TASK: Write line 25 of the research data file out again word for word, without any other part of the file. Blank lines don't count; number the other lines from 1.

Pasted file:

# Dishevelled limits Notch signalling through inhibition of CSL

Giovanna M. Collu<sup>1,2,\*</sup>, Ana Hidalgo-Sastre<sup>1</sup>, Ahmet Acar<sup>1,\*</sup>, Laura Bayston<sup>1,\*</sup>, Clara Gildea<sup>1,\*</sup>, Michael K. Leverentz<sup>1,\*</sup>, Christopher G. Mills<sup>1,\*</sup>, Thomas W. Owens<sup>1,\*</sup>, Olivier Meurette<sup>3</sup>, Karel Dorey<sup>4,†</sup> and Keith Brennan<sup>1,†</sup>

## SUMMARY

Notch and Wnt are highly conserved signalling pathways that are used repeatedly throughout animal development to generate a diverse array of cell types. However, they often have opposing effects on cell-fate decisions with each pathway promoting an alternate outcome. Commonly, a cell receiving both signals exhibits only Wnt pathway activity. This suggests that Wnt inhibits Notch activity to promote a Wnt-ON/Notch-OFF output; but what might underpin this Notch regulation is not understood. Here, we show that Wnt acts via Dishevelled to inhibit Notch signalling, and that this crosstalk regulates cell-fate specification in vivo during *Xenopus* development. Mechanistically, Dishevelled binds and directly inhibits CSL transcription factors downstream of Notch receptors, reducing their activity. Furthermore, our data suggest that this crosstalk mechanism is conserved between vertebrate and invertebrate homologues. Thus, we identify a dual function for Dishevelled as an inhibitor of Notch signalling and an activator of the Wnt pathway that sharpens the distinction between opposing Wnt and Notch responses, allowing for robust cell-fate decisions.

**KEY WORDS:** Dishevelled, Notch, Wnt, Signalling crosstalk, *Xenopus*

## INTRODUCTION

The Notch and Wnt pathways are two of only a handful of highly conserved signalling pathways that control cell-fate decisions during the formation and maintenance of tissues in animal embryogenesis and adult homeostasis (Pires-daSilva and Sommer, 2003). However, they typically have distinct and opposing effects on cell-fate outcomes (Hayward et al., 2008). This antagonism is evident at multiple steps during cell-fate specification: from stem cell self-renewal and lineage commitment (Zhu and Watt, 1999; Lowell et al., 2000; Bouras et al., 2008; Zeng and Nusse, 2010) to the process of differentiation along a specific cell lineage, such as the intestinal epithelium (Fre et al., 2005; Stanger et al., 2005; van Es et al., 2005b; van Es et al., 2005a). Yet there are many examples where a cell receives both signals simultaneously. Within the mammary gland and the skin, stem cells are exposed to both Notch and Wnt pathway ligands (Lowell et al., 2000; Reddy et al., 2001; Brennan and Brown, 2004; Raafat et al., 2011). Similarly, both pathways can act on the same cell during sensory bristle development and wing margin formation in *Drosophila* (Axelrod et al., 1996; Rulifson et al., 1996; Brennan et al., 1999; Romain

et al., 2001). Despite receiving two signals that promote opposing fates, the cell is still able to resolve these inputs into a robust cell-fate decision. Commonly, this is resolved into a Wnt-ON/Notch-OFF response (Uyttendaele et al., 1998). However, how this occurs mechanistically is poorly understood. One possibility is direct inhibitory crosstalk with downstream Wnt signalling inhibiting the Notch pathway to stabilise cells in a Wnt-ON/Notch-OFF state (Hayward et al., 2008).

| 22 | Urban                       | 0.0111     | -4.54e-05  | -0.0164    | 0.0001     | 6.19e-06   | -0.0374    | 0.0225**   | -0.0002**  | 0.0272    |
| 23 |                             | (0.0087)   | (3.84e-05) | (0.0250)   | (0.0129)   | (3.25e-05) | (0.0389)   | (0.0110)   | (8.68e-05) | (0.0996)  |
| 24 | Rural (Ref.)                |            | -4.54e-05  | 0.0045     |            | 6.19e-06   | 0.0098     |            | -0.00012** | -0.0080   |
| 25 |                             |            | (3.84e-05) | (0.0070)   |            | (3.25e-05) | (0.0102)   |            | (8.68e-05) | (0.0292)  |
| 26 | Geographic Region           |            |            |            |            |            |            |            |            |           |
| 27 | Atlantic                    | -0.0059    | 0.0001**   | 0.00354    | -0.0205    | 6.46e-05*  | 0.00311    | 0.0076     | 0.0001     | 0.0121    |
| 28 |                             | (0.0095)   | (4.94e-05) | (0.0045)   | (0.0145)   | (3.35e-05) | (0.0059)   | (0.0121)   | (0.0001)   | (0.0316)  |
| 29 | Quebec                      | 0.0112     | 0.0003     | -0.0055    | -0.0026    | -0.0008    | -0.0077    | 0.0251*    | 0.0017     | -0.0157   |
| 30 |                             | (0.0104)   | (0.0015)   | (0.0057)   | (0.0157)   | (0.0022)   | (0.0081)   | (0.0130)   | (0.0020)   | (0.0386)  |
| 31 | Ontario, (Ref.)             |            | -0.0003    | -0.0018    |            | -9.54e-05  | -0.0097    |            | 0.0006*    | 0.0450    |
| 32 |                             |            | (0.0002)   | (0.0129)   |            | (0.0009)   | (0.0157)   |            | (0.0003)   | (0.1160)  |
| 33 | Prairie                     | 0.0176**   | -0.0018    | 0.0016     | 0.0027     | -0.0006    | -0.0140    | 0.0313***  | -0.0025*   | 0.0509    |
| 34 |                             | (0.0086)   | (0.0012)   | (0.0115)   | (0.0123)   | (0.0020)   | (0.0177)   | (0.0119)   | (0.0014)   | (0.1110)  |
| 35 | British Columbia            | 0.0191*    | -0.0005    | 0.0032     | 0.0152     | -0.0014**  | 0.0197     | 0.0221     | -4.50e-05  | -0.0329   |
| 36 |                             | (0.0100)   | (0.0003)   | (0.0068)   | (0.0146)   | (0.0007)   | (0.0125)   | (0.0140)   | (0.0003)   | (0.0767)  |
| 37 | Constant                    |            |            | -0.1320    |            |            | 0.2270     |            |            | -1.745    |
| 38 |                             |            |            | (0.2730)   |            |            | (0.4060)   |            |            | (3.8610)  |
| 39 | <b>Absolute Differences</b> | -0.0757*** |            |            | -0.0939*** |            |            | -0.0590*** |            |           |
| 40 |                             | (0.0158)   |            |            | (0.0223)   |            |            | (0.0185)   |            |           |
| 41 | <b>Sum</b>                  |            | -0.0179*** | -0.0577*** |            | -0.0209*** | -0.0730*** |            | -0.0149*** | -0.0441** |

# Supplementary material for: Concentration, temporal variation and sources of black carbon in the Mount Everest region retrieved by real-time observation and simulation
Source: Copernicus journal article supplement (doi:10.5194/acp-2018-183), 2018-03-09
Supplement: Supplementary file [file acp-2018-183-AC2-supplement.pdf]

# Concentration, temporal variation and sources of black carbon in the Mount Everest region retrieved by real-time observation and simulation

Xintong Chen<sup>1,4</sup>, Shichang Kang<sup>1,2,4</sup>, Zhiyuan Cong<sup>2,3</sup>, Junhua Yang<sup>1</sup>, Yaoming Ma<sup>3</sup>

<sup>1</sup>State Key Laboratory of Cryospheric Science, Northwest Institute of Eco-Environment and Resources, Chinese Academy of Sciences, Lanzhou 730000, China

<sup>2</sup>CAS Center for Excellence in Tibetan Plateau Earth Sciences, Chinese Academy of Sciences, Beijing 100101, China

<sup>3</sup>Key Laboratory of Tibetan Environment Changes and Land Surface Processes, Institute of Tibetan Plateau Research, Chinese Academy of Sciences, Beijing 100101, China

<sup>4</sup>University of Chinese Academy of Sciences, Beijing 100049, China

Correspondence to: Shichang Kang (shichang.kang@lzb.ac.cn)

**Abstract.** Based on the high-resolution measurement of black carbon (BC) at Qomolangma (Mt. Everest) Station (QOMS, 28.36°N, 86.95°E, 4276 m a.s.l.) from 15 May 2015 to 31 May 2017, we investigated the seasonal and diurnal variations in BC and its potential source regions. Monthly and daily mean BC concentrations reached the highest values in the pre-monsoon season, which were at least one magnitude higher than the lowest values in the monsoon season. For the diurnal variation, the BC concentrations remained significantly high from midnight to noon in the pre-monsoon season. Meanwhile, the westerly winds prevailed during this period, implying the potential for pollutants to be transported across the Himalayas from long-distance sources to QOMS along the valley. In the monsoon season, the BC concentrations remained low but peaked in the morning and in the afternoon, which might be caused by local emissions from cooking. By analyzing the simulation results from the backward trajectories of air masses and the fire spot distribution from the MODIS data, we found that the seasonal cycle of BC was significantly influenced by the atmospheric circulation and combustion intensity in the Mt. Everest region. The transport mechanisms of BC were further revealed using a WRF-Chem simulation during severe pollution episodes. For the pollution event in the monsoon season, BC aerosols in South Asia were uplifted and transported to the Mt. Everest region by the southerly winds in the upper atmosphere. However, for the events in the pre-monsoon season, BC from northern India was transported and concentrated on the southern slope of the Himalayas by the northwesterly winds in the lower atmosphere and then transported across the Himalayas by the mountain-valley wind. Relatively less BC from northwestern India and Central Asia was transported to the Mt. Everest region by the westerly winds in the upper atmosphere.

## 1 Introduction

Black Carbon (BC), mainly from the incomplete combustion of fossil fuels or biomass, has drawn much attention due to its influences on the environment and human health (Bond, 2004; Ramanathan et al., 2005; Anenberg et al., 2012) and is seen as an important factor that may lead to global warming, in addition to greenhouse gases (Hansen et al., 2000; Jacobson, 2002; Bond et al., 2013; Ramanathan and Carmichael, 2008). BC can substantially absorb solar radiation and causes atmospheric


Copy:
| 38 |                             |            |            | (0.2730)   |            |            | (0.4060)   |            |            | (3.8610)  |